The Sublime Text Editor is a featured pack editor for editing codes or simple text files on your computer. Still, its versatility with code makes it so popular with developers. It has a simple and easy UI, extensive features, and a long list of supported plugins.
However, this software is not meant for everyone and comes with a price tag of $80 once its trial period ends. There is also the fact that it is not a full-blown IDE, so it lacks many features that serious programmers may be looking for. Whatever the reason, there are tons of alternatives to Sublime Text Editor on the market.
Today we’ll be looking into some of them. So without wasting any time, I present you with a list of the best alternatives to Sublime Text Editor available on the market.
Notepad++ is exceptionally light, taking up only 4MB of space on your drive, but it packs quite an enormous punch for its small size. The editor comes with syntax highlighting and folding, search and replace, synchronized scrolling, and many other simple features that you’d want in a basic code editor. It also has auto-completion (Limited) but lacks syntax checking, which can be a breaking feature for many people.
Currently, it is hosted on GitHub and is one of the best alternatives to Sublime available to users. That being said, it can only be used on a Windows OS.
2. Atom Text Editor
Atom is written in HTML/CSS language on top of chromium and has a horde of features, including the very good drag/drop action, which is a plus.
It also supports split-pane editing to allow its user to edit multiple code snippets at the same time and have syntax highlighting and auto suggestions for almost any language. The process of writing code in Atom feels smooth and responsive, although figuring out which packages you need to install when starting from scratch can be a real pain.
Atom editor is an excellent pick for those who want complete control over their editor and those who are just starting in the coding world. With the help of its GitHub integration, it makes a great alternative to the Sublime text editor.
3. Visual Studio Code
Visual studio code is a FOSS code editor and debugger (IDE) developed and maintained by Microsoft. Like the rest of the FOSS entries, it is hosted on GitHub and includes support for embedded Git control, code completion, syntax highlighting, code refactoring, and debugging. One of its standout features is its ability to create extensions to analyze code for static analysis.
It comes with some default plugins, but thousands more are available online, which can be easily downloaded. The debugging feature is a real help, and the GitHub integration is very convenient.
VS Code is an impressive piece of work from Microsoft, which although relatively new, is getting picked up by people for its features and simplicity. It matches and even improves upon many of Sublime Text Editor’s best features, and its debugger makes life easy by finding problems in your code.
One of the best HTML and text editors if you are a professional. It comes with an intelligent and easy-to-use interface that gives its users easy access to its horde of features, including finding and replacing various files, project definition tools, and syntax coloring.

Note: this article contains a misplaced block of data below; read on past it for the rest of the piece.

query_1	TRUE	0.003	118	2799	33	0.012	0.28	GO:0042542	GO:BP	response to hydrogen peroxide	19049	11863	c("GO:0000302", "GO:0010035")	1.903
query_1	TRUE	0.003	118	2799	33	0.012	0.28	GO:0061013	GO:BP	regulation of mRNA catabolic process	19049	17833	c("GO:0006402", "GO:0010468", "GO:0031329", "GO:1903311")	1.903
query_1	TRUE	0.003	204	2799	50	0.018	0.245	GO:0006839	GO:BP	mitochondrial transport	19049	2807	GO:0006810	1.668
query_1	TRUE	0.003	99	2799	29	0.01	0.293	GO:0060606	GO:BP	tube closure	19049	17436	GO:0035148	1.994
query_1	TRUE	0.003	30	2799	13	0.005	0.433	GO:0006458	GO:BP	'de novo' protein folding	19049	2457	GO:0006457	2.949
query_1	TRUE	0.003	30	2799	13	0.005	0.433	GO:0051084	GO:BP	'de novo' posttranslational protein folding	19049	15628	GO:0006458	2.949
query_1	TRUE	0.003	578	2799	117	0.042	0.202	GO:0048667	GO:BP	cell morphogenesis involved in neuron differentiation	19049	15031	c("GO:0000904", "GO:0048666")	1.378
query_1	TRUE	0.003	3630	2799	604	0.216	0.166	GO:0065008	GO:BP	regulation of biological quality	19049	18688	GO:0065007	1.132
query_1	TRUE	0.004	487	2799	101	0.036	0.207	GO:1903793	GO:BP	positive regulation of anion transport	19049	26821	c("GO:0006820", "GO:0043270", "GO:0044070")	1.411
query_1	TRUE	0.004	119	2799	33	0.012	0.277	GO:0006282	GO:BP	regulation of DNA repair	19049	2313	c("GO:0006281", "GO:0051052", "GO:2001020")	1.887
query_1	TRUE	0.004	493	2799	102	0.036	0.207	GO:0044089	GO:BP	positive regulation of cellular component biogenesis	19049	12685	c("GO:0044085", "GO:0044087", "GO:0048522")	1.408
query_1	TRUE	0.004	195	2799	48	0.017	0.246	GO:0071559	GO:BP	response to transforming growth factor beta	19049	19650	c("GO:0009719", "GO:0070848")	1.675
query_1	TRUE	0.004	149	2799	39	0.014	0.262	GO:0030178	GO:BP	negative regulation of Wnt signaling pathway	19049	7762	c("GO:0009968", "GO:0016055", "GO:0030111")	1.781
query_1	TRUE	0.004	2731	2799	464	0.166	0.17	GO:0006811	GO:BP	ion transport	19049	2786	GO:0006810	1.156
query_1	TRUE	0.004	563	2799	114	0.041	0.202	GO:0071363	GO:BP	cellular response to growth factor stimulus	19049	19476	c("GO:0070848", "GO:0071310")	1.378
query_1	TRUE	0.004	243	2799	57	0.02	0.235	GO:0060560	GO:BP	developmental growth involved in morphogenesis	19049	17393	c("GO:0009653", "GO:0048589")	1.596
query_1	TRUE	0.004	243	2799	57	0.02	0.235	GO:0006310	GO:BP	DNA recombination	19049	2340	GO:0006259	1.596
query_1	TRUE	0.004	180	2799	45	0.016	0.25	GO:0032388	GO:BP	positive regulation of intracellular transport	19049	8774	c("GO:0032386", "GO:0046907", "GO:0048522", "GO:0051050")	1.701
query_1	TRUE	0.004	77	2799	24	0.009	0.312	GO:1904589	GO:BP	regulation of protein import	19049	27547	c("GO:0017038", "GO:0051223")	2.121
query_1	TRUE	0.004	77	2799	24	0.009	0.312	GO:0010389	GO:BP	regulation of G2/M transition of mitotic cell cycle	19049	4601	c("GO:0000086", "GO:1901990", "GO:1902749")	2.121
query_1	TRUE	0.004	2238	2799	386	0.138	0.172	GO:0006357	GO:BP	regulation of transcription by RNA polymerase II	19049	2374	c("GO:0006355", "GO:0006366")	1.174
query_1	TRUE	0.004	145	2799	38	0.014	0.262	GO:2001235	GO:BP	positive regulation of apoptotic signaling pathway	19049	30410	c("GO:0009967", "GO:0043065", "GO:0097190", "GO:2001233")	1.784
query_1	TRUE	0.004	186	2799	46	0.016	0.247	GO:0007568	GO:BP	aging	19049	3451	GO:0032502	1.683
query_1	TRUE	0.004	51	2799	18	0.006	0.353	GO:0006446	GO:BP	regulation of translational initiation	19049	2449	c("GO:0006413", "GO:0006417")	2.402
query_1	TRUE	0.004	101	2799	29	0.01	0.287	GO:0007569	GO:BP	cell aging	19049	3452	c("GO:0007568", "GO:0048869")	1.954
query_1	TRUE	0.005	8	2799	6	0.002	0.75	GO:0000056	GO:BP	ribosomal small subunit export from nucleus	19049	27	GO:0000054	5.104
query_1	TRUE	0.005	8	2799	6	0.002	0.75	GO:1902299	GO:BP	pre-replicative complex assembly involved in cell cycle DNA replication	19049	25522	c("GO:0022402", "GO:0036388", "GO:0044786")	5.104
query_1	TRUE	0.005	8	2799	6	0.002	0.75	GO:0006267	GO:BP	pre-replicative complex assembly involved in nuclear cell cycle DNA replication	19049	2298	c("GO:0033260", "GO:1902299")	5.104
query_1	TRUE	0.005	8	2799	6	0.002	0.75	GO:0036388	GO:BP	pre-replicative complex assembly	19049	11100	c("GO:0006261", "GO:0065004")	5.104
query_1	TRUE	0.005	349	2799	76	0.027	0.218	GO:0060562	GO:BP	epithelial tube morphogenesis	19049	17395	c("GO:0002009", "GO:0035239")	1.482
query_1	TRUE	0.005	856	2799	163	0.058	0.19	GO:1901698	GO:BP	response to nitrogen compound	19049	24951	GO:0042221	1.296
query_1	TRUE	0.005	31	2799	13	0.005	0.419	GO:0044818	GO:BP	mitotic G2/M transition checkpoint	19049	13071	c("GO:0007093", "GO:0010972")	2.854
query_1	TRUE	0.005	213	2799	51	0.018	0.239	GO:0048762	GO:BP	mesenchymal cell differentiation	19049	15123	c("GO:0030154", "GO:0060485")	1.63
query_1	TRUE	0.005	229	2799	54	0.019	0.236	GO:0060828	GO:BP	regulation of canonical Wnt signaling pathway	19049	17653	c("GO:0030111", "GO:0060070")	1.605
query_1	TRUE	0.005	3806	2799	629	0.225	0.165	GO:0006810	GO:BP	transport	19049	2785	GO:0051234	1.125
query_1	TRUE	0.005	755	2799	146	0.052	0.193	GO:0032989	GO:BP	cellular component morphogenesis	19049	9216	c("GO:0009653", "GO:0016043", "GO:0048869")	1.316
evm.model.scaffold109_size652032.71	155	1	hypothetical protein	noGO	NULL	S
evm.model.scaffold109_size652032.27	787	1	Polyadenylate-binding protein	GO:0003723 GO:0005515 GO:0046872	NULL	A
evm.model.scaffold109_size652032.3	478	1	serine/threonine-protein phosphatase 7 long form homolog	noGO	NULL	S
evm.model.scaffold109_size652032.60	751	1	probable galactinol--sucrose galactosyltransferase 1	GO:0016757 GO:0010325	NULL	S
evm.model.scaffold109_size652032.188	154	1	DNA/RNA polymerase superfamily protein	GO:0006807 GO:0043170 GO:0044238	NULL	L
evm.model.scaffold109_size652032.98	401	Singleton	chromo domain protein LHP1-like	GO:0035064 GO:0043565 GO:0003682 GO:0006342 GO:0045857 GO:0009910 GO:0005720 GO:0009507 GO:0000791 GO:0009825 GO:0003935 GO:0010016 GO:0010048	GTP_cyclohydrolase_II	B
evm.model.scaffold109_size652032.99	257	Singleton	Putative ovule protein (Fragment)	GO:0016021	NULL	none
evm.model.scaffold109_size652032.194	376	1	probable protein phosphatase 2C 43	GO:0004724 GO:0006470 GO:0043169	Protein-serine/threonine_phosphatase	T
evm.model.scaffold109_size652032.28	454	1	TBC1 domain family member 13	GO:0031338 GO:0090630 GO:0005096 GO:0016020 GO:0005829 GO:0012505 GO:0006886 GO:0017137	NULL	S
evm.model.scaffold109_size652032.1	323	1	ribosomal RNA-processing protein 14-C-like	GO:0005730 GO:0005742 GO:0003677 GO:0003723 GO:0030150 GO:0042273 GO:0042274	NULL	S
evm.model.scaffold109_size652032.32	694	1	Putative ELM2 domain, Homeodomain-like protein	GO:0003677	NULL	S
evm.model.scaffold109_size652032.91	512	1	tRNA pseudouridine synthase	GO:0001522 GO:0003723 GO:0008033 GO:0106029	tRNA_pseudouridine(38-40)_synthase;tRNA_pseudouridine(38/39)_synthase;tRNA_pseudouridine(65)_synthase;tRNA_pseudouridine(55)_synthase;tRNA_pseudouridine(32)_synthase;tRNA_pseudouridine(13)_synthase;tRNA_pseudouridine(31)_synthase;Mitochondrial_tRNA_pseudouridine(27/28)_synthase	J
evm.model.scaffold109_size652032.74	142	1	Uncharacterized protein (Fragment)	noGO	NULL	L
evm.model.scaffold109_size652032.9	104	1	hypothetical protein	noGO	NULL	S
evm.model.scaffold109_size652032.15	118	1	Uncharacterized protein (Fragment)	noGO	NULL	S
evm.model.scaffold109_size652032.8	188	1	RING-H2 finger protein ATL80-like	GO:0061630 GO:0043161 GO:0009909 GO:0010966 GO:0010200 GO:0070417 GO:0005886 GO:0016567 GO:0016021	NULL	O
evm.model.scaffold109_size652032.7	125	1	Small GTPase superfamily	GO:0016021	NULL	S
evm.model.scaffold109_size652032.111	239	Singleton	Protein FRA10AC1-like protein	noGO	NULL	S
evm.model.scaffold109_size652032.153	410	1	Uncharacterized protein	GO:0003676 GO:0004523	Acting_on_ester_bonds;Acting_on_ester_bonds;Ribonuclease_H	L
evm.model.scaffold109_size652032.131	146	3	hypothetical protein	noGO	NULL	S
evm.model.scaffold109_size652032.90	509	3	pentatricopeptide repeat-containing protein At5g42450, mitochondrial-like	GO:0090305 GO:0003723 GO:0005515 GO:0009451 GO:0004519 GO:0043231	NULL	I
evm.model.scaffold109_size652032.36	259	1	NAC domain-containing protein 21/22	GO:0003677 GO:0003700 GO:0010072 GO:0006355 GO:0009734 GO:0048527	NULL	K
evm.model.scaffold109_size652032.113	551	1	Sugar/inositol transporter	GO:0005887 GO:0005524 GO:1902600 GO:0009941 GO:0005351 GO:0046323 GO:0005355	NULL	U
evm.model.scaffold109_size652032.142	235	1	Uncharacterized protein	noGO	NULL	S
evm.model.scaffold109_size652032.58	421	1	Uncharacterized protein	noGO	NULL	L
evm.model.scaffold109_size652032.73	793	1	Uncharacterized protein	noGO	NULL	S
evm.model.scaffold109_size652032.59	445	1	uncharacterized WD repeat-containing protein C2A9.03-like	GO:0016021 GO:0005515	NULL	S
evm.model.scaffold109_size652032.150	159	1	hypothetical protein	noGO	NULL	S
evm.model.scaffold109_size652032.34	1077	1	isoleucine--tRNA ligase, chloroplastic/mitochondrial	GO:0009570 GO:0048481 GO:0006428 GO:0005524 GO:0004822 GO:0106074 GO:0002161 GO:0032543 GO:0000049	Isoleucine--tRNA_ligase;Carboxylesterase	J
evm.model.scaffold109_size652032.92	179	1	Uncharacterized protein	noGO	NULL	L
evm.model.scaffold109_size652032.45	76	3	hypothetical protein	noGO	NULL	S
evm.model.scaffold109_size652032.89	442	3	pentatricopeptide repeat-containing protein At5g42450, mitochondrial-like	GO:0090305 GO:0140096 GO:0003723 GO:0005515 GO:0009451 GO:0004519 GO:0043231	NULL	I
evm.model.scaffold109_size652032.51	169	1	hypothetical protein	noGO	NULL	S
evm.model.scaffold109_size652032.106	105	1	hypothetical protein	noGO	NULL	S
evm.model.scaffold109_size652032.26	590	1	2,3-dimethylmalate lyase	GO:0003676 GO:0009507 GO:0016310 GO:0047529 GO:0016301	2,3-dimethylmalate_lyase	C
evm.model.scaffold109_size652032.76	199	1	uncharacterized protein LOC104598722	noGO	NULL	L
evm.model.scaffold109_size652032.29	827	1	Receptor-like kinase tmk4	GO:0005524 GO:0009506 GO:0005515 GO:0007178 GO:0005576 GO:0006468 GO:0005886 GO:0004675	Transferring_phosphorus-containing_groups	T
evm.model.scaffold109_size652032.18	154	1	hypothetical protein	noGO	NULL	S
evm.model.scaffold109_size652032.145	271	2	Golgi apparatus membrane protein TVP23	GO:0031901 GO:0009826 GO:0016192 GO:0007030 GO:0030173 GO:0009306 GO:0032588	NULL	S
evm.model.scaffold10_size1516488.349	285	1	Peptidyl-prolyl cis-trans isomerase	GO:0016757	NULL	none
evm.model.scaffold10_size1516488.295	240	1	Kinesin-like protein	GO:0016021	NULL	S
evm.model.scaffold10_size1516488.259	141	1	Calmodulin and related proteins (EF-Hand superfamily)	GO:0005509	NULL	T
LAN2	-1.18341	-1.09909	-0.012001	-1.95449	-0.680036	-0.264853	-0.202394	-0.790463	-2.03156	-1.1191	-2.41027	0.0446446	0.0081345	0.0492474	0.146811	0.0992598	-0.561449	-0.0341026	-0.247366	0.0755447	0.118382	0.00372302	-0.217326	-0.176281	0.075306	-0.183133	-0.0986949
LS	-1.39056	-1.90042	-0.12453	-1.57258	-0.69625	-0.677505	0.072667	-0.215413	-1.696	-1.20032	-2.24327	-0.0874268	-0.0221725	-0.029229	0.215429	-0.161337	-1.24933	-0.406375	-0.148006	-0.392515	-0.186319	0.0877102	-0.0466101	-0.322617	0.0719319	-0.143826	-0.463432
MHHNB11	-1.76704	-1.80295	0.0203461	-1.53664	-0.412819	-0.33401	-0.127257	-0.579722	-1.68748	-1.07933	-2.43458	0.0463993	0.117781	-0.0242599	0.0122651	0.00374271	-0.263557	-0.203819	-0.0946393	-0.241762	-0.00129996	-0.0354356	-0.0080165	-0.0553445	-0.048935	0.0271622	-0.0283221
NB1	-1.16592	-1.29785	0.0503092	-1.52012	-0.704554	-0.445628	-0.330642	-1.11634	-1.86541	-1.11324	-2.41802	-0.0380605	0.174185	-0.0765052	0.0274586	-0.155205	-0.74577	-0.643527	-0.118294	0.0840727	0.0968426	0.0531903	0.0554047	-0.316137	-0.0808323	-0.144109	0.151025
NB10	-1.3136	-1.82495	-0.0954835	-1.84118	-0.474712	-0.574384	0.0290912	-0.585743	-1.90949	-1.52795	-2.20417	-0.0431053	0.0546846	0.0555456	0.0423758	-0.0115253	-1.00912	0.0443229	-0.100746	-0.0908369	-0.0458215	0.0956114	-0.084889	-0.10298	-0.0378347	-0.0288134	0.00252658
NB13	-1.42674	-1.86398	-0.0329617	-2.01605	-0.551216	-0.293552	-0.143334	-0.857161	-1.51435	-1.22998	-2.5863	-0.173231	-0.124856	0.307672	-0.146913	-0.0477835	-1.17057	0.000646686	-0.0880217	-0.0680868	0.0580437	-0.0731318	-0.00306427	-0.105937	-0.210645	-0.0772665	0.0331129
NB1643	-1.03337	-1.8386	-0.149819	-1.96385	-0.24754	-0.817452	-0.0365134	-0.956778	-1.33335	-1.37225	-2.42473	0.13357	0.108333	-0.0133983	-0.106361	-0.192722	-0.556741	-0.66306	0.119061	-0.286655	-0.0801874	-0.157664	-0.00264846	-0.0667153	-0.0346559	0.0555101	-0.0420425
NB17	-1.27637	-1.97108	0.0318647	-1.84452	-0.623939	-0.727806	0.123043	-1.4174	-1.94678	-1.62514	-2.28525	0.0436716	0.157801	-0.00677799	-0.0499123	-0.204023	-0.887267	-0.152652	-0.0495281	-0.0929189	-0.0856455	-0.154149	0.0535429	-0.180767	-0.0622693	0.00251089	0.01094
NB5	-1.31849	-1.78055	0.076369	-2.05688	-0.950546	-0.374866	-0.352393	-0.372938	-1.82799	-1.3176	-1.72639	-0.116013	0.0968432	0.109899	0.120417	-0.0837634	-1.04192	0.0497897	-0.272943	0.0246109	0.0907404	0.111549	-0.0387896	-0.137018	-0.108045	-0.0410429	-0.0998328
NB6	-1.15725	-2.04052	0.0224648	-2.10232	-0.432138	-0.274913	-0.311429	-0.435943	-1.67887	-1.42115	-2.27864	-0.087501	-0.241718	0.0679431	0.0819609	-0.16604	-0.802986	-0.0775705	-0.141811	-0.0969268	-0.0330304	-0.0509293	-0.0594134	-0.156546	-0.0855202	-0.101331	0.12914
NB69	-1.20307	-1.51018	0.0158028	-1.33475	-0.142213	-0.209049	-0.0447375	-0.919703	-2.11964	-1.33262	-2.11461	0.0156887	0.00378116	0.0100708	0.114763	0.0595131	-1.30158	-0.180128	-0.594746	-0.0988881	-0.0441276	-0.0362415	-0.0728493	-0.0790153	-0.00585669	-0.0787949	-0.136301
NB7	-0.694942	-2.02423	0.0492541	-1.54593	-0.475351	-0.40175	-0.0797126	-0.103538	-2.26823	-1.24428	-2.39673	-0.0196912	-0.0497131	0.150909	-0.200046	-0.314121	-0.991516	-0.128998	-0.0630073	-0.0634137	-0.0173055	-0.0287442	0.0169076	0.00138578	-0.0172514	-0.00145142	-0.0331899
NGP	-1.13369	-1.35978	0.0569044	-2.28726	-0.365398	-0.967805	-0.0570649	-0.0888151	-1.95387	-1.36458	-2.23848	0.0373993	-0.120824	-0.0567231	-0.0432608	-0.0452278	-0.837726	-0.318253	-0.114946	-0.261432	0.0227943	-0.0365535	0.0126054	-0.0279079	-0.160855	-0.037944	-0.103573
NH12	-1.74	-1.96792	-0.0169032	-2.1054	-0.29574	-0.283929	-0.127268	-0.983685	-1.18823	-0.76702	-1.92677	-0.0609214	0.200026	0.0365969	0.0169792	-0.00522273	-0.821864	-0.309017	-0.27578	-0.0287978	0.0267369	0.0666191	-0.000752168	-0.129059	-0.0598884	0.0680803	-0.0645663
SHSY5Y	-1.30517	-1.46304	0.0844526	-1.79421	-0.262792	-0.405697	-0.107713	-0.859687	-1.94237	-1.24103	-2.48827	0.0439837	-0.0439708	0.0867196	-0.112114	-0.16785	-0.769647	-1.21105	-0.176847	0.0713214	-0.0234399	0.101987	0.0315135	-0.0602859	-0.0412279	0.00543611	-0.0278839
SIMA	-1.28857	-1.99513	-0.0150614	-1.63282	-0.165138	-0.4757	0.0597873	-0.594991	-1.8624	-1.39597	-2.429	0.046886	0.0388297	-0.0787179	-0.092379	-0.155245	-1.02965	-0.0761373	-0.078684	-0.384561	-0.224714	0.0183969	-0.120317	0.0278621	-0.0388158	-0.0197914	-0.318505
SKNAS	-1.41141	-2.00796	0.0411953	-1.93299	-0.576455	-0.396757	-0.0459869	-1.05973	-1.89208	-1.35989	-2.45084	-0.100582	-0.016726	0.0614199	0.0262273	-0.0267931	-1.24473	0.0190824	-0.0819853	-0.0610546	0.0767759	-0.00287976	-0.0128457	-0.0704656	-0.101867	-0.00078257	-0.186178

One of its standout features is its ability to compare and find differences between the two documents. This editor is one of the best Sublime Text Editor alternatives available on the market.
It supports various languages, including ANSI C, C++, HTML, Java, etc. BBEdit also comes with many customizations that are difficult to access since they are buried behind settings. This might be cumbersome to new users who are unlikely to ever go there.
It takes some getting used to, but once you get your hands set on it, using this is a breeze. Without a doubt, it is one of the best Sublime alternatives if you are willing to cough out some money and buy it.
Vim is another one of those FOSS text editors which are accessible on an extensive range of systems and have a universal outreach. This application is a clone of the FOSS Vi text editor, which was made for Unix. This program is supported by its huge user-base who constantly keeps it upgraded as can be seen by its 15000 packages which bring features like tree explorers, Git integration, and syntax highlighting.
Vim doesn’t have a GUI that would let you use a mouse conveniently so you have to do all your stuff with the help of keyboard shortcuts. You can also download its pre-configured configuration files that are available on the net. While it lacks a GUI, Vim remains one of the most powerful and flexible source code editors that you can find today.
While all the entries listed above are top class editors and can be used as adequate alternatives for Sublime Text Editor, it is important to figure out what your requirements are. Each of the editors has their own strong and weak points, so it is better to give every one of them a try and figure out what suits your needs the best.